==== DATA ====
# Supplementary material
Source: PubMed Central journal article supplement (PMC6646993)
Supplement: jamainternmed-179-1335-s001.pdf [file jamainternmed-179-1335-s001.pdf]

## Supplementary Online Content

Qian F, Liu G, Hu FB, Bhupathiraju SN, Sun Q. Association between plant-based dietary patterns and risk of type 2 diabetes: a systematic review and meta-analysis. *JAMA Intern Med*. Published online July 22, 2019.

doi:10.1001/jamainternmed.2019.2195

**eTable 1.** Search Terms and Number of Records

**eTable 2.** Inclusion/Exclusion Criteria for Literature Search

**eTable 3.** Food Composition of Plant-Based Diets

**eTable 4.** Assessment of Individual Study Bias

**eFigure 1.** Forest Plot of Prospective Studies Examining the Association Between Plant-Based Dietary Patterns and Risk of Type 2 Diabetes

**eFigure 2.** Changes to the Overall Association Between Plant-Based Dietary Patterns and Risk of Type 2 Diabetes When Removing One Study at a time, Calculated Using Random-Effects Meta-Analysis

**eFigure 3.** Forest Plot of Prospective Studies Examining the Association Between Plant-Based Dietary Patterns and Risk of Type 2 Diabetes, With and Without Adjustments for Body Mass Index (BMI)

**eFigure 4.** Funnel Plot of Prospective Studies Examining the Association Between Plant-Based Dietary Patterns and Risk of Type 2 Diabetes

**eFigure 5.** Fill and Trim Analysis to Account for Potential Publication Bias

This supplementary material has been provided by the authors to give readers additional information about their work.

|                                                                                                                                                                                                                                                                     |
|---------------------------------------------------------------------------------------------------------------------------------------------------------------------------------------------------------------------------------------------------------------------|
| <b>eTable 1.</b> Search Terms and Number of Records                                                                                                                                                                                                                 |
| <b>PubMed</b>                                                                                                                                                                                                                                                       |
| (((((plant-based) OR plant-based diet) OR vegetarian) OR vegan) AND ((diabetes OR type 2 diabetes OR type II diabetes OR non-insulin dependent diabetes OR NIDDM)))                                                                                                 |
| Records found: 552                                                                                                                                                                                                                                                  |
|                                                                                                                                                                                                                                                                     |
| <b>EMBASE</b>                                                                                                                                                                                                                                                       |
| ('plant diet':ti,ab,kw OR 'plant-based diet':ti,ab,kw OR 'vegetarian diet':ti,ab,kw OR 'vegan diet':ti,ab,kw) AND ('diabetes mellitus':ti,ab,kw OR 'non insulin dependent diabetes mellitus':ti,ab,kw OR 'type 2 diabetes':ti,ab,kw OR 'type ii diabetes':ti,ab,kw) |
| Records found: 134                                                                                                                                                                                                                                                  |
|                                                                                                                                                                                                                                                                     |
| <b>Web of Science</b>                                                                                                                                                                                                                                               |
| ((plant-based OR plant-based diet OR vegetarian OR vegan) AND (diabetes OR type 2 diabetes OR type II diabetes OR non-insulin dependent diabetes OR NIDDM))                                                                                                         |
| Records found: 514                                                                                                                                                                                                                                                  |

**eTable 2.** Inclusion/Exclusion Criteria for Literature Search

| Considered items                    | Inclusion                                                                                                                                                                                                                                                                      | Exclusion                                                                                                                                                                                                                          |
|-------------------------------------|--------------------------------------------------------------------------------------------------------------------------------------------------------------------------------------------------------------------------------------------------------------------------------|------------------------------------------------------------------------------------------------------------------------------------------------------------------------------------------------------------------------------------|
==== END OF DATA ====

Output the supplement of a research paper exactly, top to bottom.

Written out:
# Supplementary material
Source: PubMed Central journal article supplement (PMC6646993)
Supplement: jamainternmed-179-1335-s001.pdf [file jamainternmed-179-1335-s001.pdf]

## Supplementary Online Content

Qian F, Liu G, Hu FB, Bhupathiraju SN, Sun Q. Association between plant-based dietary patterns and risk of type 2 diabetes: a systematic review and meta-analysis. *JAMA Intern Med*. Published online July 22, 2019.

doi:10.1001/jamainternmed.2019.2195

**eTable 1.** Search Terms and Number of Records

**eTable 2.** Inclusion/Exclusion Criteria for Literature Search

**eTable 3.** Food Composition of Plant-Based Diets

**eTable 4.** Assessment of Individual Study Bias

**eFigure 1.** Forest Plot of Prospective Studies Examining the Association Between Plant-Based Dietary Patterns and Risk of Type 2 Diabetes

**eFigure 2.** Changes to the Overall Association Between Plant-Based Dietary Patterns and Risk of Type 2 Diabetes When Removing One Study at a time, Calculated Using Random-Effects Meta-Analysis

**eFigure 3.** Forest Plot of Prospective Studies Examining the Association Between Plant-Based Dietary Patterns and Risk of Type 2 Diabetes, With and Without Adjustments for Body Mass Index (BMI)

**eFigure 4.** Funnel Plot of Prospective Studies Examining the Association Between Plant-Based Dietary Patterns and Risk of Type 2 Diabetes

**eFigure 5.** Fill and Trim Analysis to Account for Potential Publication Bias

This supplementary material has been provided by the authors to give readers additional information about their work.

|                                                                                                                                                                                                                                                                     |
|---------------------------------------------------------------------------------------------------------------------------------------------------------------------------------------------------------------------------------------------------------------------|
| <b>eTable 1.</b> Search Terms and Number of Records                                                                                                                                                                                                                 |
| <b>PubMed</b>                                                                                                                                                                                                                                                       |
| (((((plant-based) OR plant-based diet) OR vegetarian) OR vegan) AND ((diabetes OR type 2 diabetes OR type II diabetes OR non-insulin dependent diabetes OR NIDDM)))                                                                                                 |
| Records found: 552                                                                                                                                                                                                                                                  |
|                                                                                                                                                                                                                                                                     |
| <b>EMBASE</b>                                                                                                                                                                                                                                                       |
| ('plant diet':ti,ab,kw OR 'plant-based diet':ti,ab,kw OR 'vegetarian diet':ti,ab,kw OR 'vegan diet':ti,ab,kw) AND ('diabetes mellitus':ti,ab,kw OR 'non insulin dependent diabetes mellitus':ti,ab,kw OR 'type 2 diabetes':ti,ab,kw OR 'type ii diabetes':ti,ab,kw) |
| Records found: 134                                                                                                                                                                                                                                                  |
|                                                                                                                                                                                                                                                                     |
| <b>Web of Science</b>                                                                                                                                                                                                                                               |
| ((plant-based OR plant-based diet OR vegetarian OR vegan) AND (diabetes OR type 2 diabetes OR type II diabetes OR non-insulin dependent diabetes OR NIDDM))                                                                                                         |
| Records found: 514                                                                                                                                                                                                                                                  |

**eTable 2.** Inclusion/Exclusion Criteria for Literature Search

| Considered items                    | Inclusion                                                                                                                                                                                                                                                                      | Exclusion                                                                                                                                                                                                                          |
|-------------------------------------|--------------------------------------------------------------------------------------------------------------------------------------------------------------------------------------------------------------------------------------------------------------------------------|------------------------------------------------------------------------------------------------------------------------------------------------------------------------------------------------------------------------------------|